The Rule of St Benedict, in a Martyrology
Medium: Ink and pigments on vellum
A martyrology was a collection of lives of saints (especially stories of their martyrdoms), lists of names and dates of death of members or patrons of a monastery arranged according to the calendar of feast days, and the 'Rule'--the guidelines for conduct and daily prayer, the most common being the Rule of St Benedict (benedictine rule). It was made to be read from during the meeting called 'chapter', which was held after early morning prayer (about 6 am) for the purpose of commemorating the dead and reading a chapter of the Rule. After the reading, assignments for various tasks were made and any necessary punishments or complaints delivered. This martyrology belonged to the priory of Christ Church, Canterbury, and records the names and death dates of many of its monks, as well as brothers from Glastonbury, Faversham and others in its confraternity.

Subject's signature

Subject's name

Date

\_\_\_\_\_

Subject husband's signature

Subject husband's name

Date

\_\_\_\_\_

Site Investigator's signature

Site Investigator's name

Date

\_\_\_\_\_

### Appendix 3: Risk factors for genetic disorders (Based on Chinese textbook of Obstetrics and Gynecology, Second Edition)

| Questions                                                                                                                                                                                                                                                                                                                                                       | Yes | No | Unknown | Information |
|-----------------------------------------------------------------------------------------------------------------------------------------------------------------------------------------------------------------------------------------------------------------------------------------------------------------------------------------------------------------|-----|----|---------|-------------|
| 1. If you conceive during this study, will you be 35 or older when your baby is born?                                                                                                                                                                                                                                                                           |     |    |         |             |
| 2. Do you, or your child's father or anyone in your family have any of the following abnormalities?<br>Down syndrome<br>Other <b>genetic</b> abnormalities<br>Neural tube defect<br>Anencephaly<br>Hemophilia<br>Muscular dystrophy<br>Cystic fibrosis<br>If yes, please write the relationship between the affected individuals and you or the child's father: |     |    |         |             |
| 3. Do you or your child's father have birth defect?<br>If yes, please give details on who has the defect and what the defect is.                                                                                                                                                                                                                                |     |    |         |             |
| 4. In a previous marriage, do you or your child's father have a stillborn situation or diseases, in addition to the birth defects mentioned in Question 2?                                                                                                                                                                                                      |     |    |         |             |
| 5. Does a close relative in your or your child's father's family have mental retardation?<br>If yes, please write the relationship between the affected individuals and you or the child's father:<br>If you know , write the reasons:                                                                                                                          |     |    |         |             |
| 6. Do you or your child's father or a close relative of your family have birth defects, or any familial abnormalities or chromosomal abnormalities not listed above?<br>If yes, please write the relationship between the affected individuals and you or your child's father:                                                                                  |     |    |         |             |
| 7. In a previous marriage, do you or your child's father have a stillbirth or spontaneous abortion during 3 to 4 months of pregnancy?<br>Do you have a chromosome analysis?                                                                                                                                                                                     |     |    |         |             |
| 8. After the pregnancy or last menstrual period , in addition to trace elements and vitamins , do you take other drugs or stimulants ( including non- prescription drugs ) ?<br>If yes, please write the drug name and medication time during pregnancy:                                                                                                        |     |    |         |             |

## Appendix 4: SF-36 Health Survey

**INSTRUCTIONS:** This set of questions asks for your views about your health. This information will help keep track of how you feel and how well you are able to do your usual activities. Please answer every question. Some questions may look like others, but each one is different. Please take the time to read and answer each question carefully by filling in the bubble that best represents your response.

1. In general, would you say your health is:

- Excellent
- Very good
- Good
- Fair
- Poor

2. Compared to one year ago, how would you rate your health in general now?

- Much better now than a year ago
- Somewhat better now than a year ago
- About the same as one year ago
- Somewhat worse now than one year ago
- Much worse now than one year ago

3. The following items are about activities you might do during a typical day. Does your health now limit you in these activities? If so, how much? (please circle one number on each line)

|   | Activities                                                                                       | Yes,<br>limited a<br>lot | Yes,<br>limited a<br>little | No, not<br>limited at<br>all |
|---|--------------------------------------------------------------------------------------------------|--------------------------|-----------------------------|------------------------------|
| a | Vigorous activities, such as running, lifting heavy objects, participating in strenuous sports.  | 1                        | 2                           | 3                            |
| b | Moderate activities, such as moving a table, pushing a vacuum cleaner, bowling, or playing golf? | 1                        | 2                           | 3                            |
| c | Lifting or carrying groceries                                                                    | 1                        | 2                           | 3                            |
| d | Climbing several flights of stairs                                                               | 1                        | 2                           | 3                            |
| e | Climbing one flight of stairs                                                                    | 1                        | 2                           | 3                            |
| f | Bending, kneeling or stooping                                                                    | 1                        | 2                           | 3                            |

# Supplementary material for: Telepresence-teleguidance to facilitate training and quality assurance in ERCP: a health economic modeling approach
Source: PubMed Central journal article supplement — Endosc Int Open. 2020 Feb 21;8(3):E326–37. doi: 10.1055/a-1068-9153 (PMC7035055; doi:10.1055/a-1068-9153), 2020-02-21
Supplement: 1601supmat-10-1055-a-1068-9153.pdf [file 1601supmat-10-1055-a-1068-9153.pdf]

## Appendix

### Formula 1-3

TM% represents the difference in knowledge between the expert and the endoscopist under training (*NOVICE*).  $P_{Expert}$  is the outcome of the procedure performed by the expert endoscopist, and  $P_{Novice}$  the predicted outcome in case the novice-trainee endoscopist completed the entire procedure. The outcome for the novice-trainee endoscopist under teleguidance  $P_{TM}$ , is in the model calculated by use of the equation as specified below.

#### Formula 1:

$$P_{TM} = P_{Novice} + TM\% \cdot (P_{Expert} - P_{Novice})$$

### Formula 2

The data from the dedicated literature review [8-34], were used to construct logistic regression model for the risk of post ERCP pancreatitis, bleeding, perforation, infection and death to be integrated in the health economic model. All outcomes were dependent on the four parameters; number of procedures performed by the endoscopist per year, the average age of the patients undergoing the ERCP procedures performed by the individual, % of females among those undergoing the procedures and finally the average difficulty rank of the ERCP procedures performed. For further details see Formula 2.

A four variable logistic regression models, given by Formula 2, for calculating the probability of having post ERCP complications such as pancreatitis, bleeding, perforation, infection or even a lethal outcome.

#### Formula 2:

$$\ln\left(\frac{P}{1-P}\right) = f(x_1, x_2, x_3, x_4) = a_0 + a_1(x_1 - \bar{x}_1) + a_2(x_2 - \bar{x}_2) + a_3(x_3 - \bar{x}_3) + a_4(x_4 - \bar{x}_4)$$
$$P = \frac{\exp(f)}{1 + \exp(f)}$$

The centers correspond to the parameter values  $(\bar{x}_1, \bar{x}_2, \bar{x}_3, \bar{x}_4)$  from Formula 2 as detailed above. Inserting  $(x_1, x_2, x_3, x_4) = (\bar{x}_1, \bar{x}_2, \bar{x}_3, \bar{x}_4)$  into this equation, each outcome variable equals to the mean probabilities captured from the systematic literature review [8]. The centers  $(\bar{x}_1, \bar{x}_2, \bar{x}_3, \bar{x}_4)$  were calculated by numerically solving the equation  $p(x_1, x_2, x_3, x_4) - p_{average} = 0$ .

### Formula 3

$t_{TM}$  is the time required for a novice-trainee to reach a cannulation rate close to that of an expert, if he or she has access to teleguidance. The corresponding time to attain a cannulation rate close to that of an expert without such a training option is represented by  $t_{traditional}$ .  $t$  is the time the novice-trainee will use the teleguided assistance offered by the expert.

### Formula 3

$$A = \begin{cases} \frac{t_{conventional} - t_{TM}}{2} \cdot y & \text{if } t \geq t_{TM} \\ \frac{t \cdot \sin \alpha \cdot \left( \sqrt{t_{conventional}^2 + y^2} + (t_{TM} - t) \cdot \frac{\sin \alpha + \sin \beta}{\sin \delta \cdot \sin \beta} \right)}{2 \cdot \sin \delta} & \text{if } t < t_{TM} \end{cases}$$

An essential component of the martyrology was a copy of the Rule. Because Christ Church was a benedictine foundation, the use is that of St Benedict. Typically its prologue opens with a large, coloured and decorated first letter ("Asculta O fili", "Listen O my child"). A chapter of the Rule would have been read each day, hence the name of the service, 'chapter'. The stains and smudges on the page bear witness to the manuscript's role as a working book.